Cruciate Ligament Injury

The ACL (anterior cruciate ligament) in dogs is also commonly referred to as the cranial cruciate ligament. They are one and the same, one is used for people and the other for animals. Pet owners most often use the term ACL as apposed to CCL. This is what a normal dog knee looks like:

The cranial cruciate ligament is one of the main stabilizing structures of the knee. The cranial cruciate ligament serves to prevent forward movement of the tibia bone relative to the femur bone, to prevent internal rotation of the tibia bone, and to limit hyperextension of the knee.

Breeds commonly affected include Labrador Retrievers, Rottweilers, Akitas, Border collies, Huskies, German Shepherds, and Mastiffs.

Common signs of ACL injury include:

  • stiffness on the limb after resting for a period of time
  • varying degrees of lameness
  • not bearing weight on the limb
  • if the meniscus is torn sometimes a clicking noise is heard from the knee when the pet walks on the limb or when the knee is flexed

3 Most Common Types of Surgical Repair

Lateral Suture Technique

This has traditionally been the most common repair method. It is currently recommended for dogs less than 50 lbs, though dogs up to 100 lbs typically do fine with this surgical technique. Post-surgery physical therapy increases the odds of success dramatically. For this surgery a continuous mono-filament nylon suture (similar to fishing line) is placed around the fabellar bone of the femur and looped through a hole which is drilled in the tibial tuberosity. The two ends of the suture are then securely held in place using a stainless steel clip. It is the least traumatic surgery of the three procedures listed here. Dr. Marrone performs this procedure.

Tibeal Plateau Leveling Osteotomy or TPL

In the last 10 years this procedure has become a popular ACL surgery in dogs. It was invented and then patented by Dr. Barclay Slocum in 1993. The majority of its success comes from the fact that it quickly addresses the problem of the femur rubbing back and forth off the back of the tibia when the ACL is ruptured. During this surgery the surgeon using a special curved saw, makes a complete cut through the top part of the tibial bone. This piece of bone then gets rotated and plated with a stainless steel metal plate. By rotating the top of the tibia the once sloped tibial plateau now essentially becomes flat. A board certified specialist must perform this procedure.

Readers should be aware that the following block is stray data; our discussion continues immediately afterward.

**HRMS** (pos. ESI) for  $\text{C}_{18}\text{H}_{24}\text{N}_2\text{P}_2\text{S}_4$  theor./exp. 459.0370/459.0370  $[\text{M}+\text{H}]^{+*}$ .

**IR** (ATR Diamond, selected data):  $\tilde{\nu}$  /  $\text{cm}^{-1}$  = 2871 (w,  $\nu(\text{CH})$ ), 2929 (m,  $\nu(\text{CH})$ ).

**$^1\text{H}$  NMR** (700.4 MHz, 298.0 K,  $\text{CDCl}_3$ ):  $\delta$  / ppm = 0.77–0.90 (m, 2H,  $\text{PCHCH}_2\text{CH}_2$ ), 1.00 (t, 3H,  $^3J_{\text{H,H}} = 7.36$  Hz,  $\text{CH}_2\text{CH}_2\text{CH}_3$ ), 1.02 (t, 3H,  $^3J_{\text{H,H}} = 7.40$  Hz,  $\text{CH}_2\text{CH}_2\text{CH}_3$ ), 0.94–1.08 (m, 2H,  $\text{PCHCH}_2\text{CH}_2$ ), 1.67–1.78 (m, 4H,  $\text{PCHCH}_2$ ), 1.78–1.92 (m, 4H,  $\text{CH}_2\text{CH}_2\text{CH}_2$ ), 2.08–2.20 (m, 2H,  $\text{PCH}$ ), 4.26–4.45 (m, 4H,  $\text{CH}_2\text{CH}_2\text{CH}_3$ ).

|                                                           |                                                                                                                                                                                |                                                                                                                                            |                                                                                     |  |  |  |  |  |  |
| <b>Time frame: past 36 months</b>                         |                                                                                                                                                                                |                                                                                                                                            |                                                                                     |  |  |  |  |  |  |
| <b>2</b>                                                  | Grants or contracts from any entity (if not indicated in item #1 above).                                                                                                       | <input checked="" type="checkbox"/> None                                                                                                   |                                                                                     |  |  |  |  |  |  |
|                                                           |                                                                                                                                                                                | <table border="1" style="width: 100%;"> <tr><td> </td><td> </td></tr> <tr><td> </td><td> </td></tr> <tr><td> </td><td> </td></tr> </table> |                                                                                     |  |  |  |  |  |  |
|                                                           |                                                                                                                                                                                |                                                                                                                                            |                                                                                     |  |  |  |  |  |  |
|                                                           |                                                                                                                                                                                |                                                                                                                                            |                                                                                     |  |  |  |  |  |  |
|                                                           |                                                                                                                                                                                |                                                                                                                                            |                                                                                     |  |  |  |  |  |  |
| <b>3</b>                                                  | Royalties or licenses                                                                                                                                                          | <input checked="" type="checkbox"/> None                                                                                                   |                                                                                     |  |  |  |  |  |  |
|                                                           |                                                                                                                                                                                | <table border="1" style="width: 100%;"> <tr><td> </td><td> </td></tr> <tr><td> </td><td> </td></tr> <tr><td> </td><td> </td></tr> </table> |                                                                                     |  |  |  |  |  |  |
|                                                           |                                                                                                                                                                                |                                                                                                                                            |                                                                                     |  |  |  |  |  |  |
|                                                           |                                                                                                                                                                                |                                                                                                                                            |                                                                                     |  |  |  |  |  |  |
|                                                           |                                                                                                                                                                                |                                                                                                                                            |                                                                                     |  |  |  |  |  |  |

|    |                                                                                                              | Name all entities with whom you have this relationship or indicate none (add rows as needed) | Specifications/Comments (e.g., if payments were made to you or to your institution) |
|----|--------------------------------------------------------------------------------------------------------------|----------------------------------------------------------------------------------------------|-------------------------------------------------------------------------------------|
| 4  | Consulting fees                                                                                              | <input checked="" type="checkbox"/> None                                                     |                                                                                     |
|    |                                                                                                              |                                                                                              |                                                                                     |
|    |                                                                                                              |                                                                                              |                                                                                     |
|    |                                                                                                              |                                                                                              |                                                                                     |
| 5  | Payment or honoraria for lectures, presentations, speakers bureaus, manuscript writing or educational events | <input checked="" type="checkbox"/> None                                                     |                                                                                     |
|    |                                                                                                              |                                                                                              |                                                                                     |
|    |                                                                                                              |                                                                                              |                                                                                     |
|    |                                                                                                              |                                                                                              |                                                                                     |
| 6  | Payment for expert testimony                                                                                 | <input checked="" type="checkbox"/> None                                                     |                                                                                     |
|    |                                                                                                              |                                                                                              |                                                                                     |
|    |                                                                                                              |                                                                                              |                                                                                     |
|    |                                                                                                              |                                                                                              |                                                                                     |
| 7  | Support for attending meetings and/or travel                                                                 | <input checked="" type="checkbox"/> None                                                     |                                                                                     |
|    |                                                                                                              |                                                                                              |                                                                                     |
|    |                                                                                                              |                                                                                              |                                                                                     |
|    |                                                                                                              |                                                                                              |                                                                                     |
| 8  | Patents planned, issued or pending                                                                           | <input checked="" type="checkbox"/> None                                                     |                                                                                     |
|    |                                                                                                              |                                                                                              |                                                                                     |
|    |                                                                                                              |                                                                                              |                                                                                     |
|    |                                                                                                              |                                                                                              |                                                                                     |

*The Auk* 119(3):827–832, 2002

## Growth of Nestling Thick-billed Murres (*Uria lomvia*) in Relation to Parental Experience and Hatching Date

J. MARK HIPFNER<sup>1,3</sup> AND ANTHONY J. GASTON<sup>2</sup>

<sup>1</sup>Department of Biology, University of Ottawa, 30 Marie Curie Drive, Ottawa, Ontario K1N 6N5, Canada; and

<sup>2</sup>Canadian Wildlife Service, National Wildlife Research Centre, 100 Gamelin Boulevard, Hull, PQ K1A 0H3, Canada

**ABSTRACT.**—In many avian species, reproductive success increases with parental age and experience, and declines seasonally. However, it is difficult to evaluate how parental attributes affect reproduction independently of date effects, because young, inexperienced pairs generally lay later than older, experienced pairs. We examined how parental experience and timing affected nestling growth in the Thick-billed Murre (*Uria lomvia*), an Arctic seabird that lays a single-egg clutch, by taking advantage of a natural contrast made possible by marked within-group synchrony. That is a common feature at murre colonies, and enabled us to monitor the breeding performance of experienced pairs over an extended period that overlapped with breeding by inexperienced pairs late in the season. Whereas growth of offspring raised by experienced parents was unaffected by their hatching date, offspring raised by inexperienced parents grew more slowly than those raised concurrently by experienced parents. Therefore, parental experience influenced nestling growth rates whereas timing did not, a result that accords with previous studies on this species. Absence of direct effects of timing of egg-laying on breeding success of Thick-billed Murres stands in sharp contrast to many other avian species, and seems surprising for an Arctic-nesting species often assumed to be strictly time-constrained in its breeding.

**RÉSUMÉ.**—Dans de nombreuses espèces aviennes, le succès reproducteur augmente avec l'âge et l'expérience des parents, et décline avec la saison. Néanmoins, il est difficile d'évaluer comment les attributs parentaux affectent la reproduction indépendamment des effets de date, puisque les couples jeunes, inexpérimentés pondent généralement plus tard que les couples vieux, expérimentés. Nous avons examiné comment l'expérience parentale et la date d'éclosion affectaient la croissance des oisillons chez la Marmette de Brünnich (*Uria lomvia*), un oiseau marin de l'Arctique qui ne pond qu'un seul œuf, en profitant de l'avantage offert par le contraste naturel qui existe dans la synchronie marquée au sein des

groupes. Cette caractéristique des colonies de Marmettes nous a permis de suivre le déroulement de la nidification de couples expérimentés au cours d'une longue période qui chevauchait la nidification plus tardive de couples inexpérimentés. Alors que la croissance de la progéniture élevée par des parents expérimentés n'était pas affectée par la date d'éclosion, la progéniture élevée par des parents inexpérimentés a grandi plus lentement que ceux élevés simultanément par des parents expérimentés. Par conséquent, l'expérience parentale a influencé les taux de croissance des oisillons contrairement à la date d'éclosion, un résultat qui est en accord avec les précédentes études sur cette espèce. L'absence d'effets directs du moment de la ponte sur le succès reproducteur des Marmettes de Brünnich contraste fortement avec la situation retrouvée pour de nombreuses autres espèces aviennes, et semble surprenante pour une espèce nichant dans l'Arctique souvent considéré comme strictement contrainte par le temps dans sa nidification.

Tibular Tuberosity Advancement or TTA

Another ACL surgery in dogs like the TPLO that has gained popularity in the last 5 years, is the TTA, though the theory behind the surgery is much different. The tibial tuberosity advancement involves making a cut down the entire tibial tuberosity, the front part of the tibia. This cut bone is then advanced forward and a specialized bone spacer is placed in the open space. Finally a stainless steel metal plate is applied in order to secure the bone in place. Because the patellar tendon attaches to this tibial tuberosity, once it is advanced, the tendon keeps the femur from sliding back and forth and therefore stabilizes the knee joint. A board certified specialist must perform this procedure.

Rehabilitation is crucial to ACL Recovery

If you where to undergo ACL surgery, your surgeon would make it mandatory for you to visit a physical therapist on a regular basis after surgery to ensure the best results. The same holds true for dog ACL recovery. It is commonly stated in veterinary medicine that dogs who tear one ACL ligament have a 30-50% chance of tearing the opposite legs ACL within a one years time. If your dog is in need of an ACL surgery, make sure you follow up with post-operative therapy. Investing time in the therapy can be equally as important as the surgery itself. There are many online resources to help in this pursuit. Topdog Animal Health and Rehabilitation offers a free brochure to get you started.

Watch Dr. Marrone perform an ACL Lateral Suture Surgery

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